Gyms and beauty salons could be made to refund unhappy customers as Hong Kong government proposes cooling-off period
- New plan targets two trades that were subject to most complaints, commerce secretary says
- Prepaid contracts worth HK$3,000 or more would be subject of new no-questions-asked money back clause
Hong Kong customers unhappy with beauty or gym services they have signed up for could get a full refund for contracts worth HK3,000 or above, under a government plan to impose a statutory cooling-off period.
The proposal, released on Tuesday for a three-month public consultation, targets salons and gyms, which would have to reimburse customers who prepaid, but then changed their minds.
According to the government, one option would be to install a cooling-off period of three working days, and a refund period of seven working days. Another option to be put to the public, is for a seven-day cooling-off period, with refunds to be issued within 14 days.
Political parties and the Consumer Council all welcomed the long-awaited move, but said they hoped the government would consider expanding it to other industries.
A consumer may take civil action if a refund is not given in time, or may report the case to the Customs & Excise Department. In the event that happens, the department will be able to issue an enforcement notice to the business, and non-compliance could result in a fine.
The consultation document does not specify how much that would be though.
Secretary for Commerce and Economic Development Edward Yau Tang-wah said the two trades had been targeted because they attracted the most complaints in recent years.
Between 2013 and 2018 customs received 1,124 complaints from customers who felt intimidated when signing up for services. And 77 per cent of these complaints involved beauty salons and fitness centres.
In one extreme case, a customer was lured into signing a beauty service contract of HK$1.5 million.
“As a starting point, we propose dealing with the two trades first,” Yau said. “If the situation changes in the future, we may amend the law to cover other trades.”
The city’s consumer rights watchdog has long called for a mandatory cooling-off period, and has warned customers to be wary of beauty salons and gyms that flattered or coerced them into spending thousands on expensive treatment and packages.
In a 2018 report, the council said the cooling-off period should also apply to timeshare contracts, and proposed exempting only purchases worth less than HK$500.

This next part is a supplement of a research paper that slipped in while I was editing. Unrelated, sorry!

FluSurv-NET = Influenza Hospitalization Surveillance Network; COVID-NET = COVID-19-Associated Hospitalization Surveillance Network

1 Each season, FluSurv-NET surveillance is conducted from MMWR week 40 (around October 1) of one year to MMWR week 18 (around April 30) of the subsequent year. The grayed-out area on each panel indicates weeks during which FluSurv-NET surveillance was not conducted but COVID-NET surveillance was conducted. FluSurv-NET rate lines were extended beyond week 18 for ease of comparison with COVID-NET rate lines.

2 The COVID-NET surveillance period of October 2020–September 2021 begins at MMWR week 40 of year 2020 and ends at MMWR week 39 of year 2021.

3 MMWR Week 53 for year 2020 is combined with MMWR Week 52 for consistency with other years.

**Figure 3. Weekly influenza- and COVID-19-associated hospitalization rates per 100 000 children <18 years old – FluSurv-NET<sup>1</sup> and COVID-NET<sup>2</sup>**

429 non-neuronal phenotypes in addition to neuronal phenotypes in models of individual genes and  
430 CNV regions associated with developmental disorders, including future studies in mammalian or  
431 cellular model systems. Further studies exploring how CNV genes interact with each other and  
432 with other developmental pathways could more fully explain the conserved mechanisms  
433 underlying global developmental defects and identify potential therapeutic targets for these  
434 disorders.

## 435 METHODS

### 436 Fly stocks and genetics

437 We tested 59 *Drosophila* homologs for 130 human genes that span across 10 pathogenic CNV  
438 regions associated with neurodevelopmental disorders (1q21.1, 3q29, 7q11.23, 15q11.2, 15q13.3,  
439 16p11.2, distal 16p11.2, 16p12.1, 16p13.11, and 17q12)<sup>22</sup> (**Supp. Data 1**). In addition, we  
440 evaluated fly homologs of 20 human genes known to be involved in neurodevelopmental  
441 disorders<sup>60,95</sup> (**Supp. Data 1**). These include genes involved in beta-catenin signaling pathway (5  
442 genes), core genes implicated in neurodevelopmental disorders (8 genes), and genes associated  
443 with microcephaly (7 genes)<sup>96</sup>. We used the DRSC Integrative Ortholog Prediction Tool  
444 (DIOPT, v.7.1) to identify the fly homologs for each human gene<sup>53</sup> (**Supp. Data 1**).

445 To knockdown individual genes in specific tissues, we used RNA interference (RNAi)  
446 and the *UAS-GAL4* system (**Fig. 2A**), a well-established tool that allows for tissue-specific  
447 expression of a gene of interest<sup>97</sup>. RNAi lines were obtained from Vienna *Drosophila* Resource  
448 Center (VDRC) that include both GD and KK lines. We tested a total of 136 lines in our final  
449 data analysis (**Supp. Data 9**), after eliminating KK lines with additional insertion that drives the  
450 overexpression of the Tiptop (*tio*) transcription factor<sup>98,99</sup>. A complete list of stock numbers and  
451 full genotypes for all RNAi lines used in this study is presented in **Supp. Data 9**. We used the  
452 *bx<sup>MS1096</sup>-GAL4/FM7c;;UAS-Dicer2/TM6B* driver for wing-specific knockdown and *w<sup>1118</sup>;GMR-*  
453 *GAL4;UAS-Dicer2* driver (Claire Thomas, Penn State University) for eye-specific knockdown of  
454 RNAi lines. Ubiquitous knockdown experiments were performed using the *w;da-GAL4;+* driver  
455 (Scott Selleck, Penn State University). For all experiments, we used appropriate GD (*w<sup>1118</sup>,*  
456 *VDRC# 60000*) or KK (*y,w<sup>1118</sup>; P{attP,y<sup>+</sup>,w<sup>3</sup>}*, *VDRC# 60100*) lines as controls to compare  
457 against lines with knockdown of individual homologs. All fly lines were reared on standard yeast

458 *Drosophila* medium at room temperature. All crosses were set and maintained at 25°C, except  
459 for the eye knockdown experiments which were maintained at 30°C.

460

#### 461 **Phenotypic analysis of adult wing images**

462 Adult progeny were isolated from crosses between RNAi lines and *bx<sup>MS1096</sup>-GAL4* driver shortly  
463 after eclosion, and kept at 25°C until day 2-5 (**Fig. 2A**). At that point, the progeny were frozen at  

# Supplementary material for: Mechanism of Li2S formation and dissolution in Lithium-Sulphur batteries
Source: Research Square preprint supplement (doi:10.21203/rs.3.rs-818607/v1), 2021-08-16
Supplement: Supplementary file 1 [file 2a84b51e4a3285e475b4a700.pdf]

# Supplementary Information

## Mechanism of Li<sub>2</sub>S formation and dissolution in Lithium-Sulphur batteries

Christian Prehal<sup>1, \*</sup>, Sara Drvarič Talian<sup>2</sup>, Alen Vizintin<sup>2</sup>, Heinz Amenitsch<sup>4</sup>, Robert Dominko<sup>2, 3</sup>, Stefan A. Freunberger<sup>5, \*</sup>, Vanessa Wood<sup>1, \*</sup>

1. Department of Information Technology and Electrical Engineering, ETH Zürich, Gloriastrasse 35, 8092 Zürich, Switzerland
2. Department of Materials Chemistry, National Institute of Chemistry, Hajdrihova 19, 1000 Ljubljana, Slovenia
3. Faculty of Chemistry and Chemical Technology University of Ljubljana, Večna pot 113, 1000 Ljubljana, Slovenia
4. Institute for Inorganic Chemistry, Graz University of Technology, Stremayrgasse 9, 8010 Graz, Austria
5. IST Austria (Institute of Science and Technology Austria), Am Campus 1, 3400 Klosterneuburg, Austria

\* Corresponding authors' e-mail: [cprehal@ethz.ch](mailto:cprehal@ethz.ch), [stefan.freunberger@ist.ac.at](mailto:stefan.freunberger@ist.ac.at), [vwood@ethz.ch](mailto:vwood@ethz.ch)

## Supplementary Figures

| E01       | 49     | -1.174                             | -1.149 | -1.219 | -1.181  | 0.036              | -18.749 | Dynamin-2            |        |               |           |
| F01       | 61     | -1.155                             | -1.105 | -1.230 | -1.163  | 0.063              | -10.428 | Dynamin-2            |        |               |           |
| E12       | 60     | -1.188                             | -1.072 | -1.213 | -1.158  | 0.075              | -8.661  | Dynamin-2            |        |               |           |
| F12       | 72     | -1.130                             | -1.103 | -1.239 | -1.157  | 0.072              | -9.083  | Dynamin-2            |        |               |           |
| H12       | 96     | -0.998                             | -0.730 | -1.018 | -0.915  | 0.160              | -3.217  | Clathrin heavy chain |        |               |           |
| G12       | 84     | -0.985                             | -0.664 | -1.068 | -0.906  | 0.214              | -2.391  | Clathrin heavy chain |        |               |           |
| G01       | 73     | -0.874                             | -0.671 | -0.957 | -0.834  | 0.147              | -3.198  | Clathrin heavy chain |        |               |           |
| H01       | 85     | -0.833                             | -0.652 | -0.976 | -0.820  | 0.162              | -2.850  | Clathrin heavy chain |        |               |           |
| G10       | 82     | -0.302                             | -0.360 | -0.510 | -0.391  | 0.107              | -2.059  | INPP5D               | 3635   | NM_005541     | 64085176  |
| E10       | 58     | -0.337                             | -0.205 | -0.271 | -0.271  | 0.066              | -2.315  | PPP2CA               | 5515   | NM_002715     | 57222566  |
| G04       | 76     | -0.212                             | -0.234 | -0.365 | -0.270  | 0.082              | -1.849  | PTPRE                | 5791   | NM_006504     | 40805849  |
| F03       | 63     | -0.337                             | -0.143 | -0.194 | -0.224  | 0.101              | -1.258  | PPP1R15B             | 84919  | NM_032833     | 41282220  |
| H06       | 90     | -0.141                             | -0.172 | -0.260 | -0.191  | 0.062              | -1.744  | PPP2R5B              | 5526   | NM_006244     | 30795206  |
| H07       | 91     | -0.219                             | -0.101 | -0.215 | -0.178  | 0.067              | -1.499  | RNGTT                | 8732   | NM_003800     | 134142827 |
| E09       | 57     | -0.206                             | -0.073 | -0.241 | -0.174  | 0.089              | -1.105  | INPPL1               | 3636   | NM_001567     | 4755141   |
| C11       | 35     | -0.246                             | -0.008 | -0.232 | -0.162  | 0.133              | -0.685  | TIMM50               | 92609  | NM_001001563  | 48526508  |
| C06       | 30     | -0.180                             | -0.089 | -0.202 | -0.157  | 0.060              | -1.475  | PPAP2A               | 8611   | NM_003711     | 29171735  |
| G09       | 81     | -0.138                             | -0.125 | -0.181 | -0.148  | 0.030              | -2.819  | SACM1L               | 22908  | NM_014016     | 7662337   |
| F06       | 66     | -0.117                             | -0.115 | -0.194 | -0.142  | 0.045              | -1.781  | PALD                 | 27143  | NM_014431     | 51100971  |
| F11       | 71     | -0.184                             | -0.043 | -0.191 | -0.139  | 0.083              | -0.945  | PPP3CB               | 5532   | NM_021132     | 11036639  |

On Tuesday, chairman Paul Lam Ting-kwok said the council preferred the seven-day cooling-off period, with a 14-day refund, as it allowed more time for consumers to consider if they wanted to continue the service they had signed up for.
“We came up with HK$500 based on overseas jurisdictions, while the government explained that drawing the line at HK$3,000 was based on the number of [customs cases],” Lam said.
According to the proposal, beauty salons that only provided nail treatments, massages, or hair loss treatment, and those operated in government hospitals, schools, or clubhouses in hotels and residential properties will be exempted from the cooling-off period.
Similarly, fitness centres not equipped with exercise machines, such as ballet schools, dance studios and tai chi studios, and those run by government hospitals, schools, sports associations and clubhouses in hotels and residential estates will also be exempted.
However, industry leaders have reservations.
Nelson Ip Sai-hung, founding chairman of the Federation of Beauty Industry, said the industry fundamentally opposed the regulation as they did not believe it was the answer to stopping high-pressure sales tactics.
“Why doesn’t the government target the minority of the industry who adopt inappropriate sales tactics, instead of labelling and stigmatising the entire industry?” he said.
Ip said the industry, of which more than 90 per cent was small businesses with fewer than 10 staff, would prefer shorter cooling-off periods, so as to reduce the administrative difficulties in implementing the new regulation.
Legislator Alice Mak Mei-kuen, of the Federation of Trade Unions, said: “The government should widen the scope to include other trades as the Consumer Council has proposed.”
The Democratic Party’s Ramon Yuen Hoi-man expressed similar views, and added that he hoped online purchases could also be covered.
“If online purchases are excluded from the regulation, some unscrupulous businessmen may mislead customers and ask them to buy online to escape from the regulation.”
Yau said the proposal had tried to strike a balance between protecting consumer rights and any possible impact on normal business operations.
He added that the government aimed to present a bill to the Legislative Council by next year.